As we neared the front of the line, I had an excellent view of the next race. The two cars, a white '92 Eclipse with orange decals and a '99 Accord painted in a hue too dark to determine in the twilight, emitted dull roars in chorus. The 'flag-man' standing between the two cars, dressed in a sporty actinic-yellow vest with white shirt underlying, rose both of his hands and then swiftly dropped them, signaling the start of the race. The two cars exploded with ferocity, propelled forward by expensive modifications. The Eclipse and Accord were in a deadlocked tie, the position of leader seesawing between the two for a steady minute before running out of track and performing a series of spinning antics in the far distance.
Then came a daring match: a naked streetbike (Kawasaki ZRX1200R) as white as new-fallen snow outfitted with cornflower blue tracing versus a marigold '88 Ford Taurus bearing the menacing face of a bulldog, so detailed that textured slaver spilled frothily from its jowl. The two revved up, the guttural whir of the Ford mingling with the spitting thumps of the Kawasaki. As I coughed and choked upon the rancid exhaust that sifted into the car, Chet inhaled it with greedy, flaring nostrils, stating, 'Ah, those are some good emissions.' Then all-hell ensued. The Ford stole ahead, having beaten the streetbike at the drop of the flagman's hands. In total disrespect of the rule that demands riders to stay in their own lane, the Ford hogged the street and swerved right and left, mirroring the biker's movements so that he could not pass. All appeared fine until the Ford began driving erratically and the biker began attempting to take the lead from behind. As they had ventured down half of the street in a vehicular game of ĆPong,' the Ford's driver was noticeably losing his quick reflexes. The biker coasted to the right, waiting for the Ford to begin its mirror-movement, then promptly sped left in the opening pocket. The Ford, jostled by the sudden appearance of the streetbike on his left-hand side, instinctively veered left in defense. The two collided with a smack and shower of sparks audible all the way down at the starting line, leading to the fall of the streetbike in a dense fury of exhaust pale as watery milk. The Ford swung about in a futile attempt to stop amidst the turmoil, wheels kicking up spume of metal fragments that was all that was left to serve as testament to the once glorious bike.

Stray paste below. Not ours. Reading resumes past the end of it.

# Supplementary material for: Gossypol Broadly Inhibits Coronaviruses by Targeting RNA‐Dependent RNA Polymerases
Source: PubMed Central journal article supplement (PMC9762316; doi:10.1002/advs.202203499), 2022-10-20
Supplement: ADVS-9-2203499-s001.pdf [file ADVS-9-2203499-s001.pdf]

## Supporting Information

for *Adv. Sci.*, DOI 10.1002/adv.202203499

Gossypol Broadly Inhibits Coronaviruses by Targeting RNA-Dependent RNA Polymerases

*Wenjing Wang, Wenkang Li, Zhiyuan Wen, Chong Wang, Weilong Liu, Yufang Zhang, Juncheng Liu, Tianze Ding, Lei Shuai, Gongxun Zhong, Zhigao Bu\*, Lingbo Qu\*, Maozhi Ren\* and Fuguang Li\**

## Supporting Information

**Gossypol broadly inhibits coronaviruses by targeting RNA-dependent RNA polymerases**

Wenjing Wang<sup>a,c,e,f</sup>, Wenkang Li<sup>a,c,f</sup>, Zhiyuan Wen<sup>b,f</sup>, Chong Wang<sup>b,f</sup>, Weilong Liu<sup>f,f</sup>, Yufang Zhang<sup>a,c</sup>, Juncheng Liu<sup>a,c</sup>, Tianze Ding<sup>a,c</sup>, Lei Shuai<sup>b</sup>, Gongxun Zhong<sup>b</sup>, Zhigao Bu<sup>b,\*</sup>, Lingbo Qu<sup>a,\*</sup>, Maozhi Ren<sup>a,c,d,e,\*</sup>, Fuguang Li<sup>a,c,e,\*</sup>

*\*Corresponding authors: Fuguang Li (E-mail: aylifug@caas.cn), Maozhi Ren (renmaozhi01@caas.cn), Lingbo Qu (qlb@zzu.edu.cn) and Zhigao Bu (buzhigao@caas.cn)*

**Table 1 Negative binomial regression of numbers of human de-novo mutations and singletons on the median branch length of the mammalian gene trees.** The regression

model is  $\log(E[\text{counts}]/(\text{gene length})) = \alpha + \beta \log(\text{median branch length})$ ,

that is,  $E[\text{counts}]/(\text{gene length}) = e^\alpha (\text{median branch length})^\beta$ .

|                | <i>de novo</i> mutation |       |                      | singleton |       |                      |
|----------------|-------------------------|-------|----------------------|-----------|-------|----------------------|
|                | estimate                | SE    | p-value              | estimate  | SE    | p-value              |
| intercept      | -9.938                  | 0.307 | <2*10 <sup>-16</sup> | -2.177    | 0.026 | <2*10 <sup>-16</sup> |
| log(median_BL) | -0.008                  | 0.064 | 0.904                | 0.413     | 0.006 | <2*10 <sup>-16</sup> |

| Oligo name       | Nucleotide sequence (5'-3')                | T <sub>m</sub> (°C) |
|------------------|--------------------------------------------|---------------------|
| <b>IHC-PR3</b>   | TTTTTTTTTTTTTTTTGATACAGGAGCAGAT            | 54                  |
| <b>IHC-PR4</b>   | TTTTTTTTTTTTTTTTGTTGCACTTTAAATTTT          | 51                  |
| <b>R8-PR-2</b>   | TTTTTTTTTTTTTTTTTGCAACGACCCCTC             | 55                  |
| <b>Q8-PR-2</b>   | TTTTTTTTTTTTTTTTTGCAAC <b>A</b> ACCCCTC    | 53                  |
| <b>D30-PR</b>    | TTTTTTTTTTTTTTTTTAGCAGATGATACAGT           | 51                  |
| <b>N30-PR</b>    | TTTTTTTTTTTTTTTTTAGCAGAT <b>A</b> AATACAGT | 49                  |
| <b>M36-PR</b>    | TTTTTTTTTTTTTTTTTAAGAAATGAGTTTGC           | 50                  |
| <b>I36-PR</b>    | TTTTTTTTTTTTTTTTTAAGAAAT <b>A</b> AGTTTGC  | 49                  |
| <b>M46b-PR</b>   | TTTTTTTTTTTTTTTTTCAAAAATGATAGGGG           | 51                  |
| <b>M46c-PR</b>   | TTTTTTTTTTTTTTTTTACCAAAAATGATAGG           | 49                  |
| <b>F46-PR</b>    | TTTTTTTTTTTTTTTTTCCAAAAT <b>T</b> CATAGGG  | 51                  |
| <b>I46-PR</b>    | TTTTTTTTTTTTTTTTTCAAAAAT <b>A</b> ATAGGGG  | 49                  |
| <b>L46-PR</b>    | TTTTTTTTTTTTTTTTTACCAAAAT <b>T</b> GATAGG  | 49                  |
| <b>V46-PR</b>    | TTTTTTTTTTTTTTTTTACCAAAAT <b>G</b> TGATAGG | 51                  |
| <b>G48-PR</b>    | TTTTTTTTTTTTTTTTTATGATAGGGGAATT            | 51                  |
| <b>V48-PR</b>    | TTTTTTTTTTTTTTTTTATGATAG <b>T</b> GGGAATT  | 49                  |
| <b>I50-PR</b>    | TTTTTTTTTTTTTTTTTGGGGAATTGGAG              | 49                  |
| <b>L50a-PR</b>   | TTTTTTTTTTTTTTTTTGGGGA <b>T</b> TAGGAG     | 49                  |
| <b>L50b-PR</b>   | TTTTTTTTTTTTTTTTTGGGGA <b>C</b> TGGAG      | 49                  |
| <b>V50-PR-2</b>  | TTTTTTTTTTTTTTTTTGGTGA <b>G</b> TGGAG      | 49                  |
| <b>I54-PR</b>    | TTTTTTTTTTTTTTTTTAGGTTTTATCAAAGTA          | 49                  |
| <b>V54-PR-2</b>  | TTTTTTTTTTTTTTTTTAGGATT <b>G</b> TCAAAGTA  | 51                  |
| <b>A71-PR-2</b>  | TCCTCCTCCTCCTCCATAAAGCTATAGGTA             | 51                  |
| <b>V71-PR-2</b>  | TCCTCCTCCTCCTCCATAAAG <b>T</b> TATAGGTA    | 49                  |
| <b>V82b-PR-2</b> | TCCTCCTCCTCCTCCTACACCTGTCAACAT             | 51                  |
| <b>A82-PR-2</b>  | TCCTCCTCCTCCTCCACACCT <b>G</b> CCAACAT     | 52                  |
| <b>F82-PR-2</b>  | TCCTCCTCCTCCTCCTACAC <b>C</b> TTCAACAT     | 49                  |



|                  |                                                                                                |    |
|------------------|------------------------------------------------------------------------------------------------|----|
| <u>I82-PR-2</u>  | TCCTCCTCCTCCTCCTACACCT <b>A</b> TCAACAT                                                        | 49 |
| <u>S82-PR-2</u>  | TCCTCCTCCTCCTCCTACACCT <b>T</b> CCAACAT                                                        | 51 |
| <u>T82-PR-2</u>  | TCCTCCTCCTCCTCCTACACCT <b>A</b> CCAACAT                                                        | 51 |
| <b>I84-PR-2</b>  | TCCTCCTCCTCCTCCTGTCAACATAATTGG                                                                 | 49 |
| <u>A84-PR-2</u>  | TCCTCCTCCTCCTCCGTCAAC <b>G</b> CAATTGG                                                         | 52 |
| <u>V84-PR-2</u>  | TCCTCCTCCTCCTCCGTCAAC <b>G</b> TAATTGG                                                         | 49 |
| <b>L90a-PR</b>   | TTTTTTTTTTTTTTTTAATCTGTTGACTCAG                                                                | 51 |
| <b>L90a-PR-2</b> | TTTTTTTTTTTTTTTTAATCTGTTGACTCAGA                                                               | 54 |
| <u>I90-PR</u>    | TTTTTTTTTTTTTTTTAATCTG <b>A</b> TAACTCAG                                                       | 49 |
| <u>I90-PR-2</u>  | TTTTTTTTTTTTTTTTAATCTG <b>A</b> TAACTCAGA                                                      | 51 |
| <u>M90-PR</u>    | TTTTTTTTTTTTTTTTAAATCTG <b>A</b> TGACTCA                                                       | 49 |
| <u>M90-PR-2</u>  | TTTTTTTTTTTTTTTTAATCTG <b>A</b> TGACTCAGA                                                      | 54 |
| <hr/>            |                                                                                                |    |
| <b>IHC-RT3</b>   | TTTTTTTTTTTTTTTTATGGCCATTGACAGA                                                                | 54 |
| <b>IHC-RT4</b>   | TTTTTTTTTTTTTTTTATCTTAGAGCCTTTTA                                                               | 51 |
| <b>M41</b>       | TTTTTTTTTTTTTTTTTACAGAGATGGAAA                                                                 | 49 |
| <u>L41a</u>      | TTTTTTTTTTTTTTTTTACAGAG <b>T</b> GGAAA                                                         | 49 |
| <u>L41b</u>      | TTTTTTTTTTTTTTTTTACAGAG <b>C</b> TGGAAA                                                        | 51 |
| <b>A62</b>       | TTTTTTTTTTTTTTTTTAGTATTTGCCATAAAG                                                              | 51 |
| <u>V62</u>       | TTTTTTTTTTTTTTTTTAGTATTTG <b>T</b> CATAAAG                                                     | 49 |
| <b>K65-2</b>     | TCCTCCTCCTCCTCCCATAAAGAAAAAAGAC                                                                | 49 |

'We gotta jet, man,' exclaimed the flabbergasted Chet. 'The pigs'll be swarming here in a minute.'
'But is that guy all right?' I inquired, stricken by the possible death I had just witnessed.
'There's a kinda phrase in racing: the worse-looking the crash, the better chance of survival.'
The subdued tones of red and blue foreshadowed by Chet painted the Victorian-style buildings in the distance, stirring urgency in me to leave despite the legal and moral repercussions. And with one last somber look at the crash through the teeming crowd of those retreating from the cops, I mumbled, 'Let's jet, Chet.'